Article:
With the French press salivating over French president François Hollande’s surprisingly sordid love life, Hollande tried to refocus his administration’s agenda last week at a press conference to announce a planned cut in France’s payroll taxes and other measures to boost France’s competitiveness. It’s a bid to win back some control over his unravelling public image. Hollande suffers from massively low approval ratings — just 22% of French voters support Hollande (somewhat of an improvement over polls in November that gave him just 15% approval). There’s even talk that his administration could augur the collapse of France’s Fifth Republic.
But Hollande’s policy revamp has been lost in the furor over Hollande’s alleged dalliance with actress Julie Gayet. Tabloids showed photos of the French president sneaking off to meet Gayet on his scooter (pictured above), and the news seems to have sent his current partner, Valérie Trierweiler, to a Paris hospital for over a week. Elected on the premise that he would bring decorum and normalité to the Élysée after the ‘bling-bling’ presidency of Nicolas Sarkozy, Hollande’s love life began overshadowing his presidency within days of his inauguration.
Trierweiler tweeted in support of Olivier Falroni, a dissident parliamentary candidate in June 2012, who was running against Ségolène Royal, Hollande’s former partner and the 2007 presidential candidate of the Parti socialiste (PS, Socialist Party). Royal lost that race, despite Hollande’s support. A reporter for Paris Match, Trierweiler fulfills the role of France’s first lady, complete with budget and staff, notwithstanding that she and Hollande never married. Hollande and Royal also never officially married during their nearly 30-year relationship, which produced four children.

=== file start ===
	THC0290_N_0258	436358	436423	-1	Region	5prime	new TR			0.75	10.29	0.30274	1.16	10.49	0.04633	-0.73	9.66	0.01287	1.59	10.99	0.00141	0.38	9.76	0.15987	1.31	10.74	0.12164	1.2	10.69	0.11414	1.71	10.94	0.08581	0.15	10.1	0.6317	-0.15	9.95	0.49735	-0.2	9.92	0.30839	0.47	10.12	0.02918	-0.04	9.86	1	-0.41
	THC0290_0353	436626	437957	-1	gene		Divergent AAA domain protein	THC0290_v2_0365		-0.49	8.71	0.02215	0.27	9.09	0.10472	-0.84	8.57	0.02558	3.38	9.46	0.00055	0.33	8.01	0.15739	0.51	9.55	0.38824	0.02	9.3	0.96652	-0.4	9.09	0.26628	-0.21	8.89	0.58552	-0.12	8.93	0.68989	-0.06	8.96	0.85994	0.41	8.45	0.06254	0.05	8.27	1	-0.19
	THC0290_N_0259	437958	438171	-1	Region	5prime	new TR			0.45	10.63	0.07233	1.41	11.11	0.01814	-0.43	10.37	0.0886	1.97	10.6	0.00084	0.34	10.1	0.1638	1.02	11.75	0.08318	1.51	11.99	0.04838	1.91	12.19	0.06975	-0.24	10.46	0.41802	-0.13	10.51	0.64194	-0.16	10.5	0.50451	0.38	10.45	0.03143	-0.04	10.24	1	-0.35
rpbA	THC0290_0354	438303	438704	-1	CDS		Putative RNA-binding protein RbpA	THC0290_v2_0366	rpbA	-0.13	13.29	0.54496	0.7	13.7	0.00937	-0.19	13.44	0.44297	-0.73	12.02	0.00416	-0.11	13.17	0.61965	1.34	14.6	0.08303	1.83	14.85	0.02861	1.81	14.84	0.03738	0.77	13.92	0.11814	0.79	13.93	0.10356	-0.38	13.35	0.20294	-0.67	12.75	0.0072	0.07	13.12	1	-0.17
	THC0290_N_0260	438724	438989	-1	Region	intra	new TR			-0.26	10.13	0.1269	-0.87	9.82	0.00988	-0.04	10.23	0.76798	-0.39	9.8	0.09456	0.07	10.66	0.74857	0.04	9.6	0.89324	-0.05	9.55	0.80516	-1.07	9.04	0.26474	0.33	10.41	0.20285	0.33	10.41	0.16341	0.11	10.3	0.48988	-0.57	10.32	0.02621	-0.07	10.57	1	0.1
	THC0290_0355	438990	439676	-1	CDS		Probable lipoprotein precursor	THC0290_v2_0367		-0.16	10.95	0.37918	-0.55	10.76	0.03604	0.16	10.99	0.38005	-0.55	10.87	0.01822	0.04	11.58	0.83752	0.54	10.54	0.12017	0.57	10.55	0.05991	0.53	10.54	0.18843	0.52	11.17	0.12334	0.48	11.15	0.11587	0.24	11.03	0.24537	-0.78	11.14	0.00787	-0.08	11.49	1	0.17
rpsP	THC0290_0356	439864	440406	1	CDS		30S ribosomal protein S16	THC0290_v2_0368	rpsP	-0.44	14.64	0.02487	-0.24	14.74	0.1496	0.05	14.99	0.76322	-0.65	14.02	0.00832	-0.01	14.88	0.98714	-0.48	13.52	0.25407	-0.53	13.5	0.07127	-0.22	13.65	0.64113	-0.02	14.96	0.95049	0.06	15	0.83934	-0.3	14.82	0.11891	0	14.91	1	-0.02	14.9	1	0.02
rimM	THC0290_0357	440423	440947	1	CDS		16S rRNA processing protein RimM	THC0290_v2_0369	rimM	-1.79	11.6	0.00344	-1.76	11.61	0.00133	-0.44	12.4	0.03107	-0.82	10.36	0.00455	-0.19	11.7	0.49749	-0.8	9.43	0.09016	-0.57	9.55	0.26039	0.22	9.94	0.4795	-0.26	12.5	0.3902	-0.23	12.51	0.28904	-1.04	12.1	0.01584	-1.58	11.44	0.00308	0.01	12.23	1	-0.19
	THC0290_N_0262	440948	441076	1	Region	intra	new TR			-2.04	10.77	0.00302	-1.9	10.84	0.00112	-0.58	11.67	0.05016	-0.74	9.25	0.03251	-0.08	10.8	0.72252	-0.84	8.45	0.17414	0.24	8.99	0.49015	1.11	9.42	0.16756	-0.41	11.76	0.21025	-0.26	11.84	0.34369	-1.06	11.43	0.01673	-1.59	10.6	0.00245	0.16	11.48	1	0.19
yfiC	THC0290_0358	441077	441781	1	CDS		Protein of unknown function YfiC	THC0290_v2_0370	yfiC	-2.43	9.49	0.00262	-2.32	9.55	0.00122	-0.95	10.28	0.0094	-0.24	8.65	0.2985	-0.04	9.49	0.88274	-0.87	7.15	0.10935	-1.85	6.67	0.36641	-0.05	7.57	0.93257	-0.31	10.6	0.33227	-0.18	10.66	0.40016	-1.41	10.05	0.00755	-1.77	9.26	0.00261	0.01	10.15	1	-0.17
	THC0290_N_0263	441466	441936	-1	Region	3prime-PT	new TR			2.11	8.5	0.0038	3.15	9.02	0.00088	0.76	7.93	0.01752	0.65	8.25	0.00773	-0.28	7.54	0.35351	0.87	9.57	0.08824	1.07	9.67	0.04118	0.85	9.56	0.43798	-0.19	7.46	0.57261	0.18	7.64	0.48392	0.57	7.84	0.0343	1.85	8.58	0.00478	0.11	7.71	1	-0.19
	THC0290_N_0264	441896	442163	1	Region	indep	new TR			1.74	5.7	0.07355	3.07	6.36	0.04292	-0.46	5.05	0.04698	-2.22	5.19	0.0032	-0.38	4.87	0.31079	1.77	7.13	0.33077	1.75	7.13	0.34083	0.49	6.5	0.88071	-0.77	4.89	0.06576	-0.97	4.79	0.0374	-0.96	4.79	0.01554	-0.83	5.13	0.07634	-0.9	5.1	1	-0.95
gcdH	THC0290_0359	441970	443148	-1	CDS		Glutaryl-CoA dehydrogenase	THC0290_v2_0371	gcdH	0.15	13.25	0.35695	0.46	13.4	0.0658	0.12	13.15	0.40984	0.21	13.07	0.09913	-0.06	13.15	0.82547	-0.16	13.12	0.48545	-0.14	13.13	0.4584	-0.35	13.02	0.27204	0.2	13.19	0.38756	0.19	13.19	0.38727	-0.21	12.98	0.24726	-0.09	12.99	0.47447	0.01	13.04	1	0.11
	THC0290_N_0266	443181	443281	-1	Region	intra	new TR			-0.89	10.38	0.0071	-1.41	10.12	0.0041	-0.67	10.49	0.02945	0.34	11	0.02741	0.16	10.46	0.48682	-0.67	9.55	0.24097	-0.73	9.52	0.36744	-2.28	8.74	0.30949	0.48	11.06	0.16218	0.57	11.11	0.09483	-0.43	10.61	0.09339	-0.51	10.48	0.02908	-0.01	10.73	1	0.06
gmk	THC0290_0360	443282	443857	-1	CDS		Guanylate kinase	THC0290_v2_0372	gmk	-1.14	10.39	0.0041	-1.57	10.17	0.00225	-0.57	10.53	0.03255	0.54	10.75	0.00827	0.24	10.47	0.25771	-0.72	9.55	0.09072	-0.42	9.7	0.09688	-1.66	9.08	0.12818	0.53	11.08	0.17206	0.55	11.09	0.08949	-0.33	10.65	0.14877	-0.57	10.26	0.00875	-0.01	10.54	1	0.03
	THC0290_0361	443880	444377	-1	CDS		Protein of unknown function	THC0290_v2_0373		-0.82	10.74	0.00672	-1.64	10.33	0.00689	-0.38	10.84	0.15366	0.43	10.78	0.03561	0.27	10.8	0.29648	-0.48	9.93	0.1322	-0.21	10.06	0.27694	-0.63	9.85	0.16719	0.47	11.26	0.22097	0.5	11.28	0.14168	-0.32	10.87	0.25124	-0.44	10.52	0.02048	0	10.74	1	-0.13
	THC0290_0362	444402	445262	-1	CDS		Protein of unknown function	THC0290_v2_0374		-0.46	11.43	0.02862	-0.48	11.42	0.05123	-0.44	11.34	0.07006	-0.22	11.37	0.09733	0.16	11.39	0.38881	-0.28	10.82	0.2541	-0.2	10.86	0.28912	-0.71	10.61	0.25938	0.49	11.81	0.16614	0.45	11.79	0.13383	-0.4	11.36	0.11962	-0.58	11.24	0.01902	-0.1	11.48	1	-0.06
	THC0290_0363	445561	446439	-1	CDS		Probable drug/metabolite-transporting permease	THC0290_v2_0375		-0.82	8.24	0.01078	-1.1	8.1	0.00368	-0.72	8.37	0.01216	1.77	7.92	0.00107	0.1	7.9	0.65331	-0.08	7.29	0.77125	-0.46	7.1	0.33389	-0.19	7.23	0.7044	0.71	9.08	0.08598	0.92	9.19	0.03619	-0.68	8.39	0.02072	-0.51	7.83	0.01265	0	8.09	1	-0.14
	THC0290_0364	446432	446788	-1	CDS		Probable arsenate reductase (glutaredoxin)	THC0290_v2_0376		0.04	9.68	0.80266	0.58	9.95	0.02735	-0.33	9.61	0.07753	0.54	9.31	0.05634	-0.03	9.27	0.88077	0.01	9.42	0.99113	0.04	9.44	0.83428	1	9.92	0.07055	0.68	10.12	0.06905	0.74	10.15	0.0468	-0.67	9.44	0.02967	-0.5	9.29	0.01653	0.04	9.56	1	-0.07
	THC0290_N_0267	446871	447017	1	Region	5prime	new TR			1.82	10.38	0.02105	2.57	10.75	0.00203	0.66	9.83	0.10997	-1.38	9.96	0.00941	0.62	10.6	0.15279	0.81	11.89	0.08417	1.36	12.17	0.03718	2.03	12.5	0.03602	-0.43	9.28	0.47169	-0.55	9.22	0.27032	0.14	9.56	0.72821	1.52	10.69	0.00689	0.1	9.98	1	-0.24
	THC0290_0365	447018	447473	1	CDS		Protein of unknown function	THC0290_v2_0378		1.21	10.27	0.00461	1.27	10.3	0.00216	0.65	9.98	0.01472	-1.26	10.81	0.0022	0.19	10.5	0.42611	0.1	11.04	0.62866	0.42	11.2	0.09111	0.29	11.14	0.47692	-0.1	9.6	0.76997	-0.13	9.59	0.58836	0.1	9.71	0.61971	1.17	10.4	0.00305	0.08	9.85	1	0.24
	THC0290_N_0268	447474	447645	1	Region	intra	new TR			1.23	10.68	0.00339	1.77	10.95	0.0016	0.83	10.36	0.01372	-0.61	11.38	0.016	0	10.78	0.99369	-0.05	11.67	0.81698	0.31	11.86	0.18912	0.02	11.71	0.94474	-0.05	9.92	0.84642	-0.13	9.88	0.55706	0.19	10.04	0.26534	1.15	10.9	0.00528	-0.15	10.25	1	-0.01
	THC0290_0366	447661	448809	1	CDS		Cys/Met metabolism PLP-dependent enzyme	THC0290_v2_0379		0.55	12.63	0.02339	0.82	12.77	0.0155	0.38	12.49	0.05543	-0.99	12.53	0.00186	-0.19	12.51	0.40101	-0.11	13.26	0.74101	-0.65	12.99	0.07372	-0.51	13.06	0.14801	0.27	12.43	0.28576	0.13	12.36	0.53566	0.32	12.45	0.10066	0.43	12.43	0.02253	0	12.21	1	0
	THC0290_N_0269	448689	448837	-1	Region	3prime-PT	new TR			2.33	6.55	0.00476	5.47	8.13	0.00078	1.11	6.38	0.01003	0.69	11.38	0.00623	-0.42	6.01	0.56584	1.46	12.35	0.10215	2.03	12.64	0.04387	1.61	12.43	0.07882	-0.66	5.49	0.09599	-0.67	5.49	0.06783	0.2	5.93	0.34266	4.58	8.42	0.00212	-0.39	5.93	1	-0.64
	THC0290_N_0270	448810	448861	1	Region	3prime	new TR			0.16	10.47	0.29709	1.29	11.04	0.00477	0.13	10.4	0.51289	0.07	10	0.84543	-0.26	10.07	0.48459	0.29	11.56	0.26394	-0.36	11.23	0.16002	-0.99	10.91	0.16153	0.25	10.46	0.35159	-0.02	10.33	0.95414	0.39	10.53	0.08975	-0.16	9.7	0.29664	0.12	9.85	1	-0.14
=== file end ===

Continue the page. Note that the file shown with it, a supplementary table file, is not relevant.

Trierweiler left the hospital after more than a week on Saturday afternoon, but the discord between France’s first couple continues to dominate headlines, with Le Journal de Dimanche reporting that presidential advisers are calling the relationship ‘finished.’ So much for Mr. Normality. Though Sarkozy and his two predecessors, Jacques Chirac and François Mitterand, were both known for active love lives, the nature of media has changed since the French press kept Mitterand’s longtime mistress a secret from the public in the 1980s.
At a policy level, none of Hollande’s domestic troubles should matter. But they come at exactly the wrong time, overshadowing Hollande’s push to make France’s economy more competitive. At the center of Hollande’s proposal is a €30 billion payroll tax cut for French businesses, continue pushing forward with plans for €15 billion in budget cuts this year, with €50 billion more to follow over the next three years. Though Hollande hopes that will make France’s businesses more willing to hire French workers, it seems unlikely to erase the mistrust Hollande has engendered by pushing a top income tax rate of 75% on incomes over €1 million, a troubled policy that seems set to take effect after facing legal problems in France’s top constitutional court. Hollande and his leftist parliamentary majority pushed through a labor market reform in January 2013, but it was a relatively minor first step that merely streamlined the process for conducting layoffs.
Hollande would have engendered much more goodwill if he’d announced a retreat from the iconic 75% rate or announced a much bolder labor market legislation. But that carries with it the risk of a full-scale revolt on the French left. Continue reading Hollande’s economic restart falls flat amid domestic drama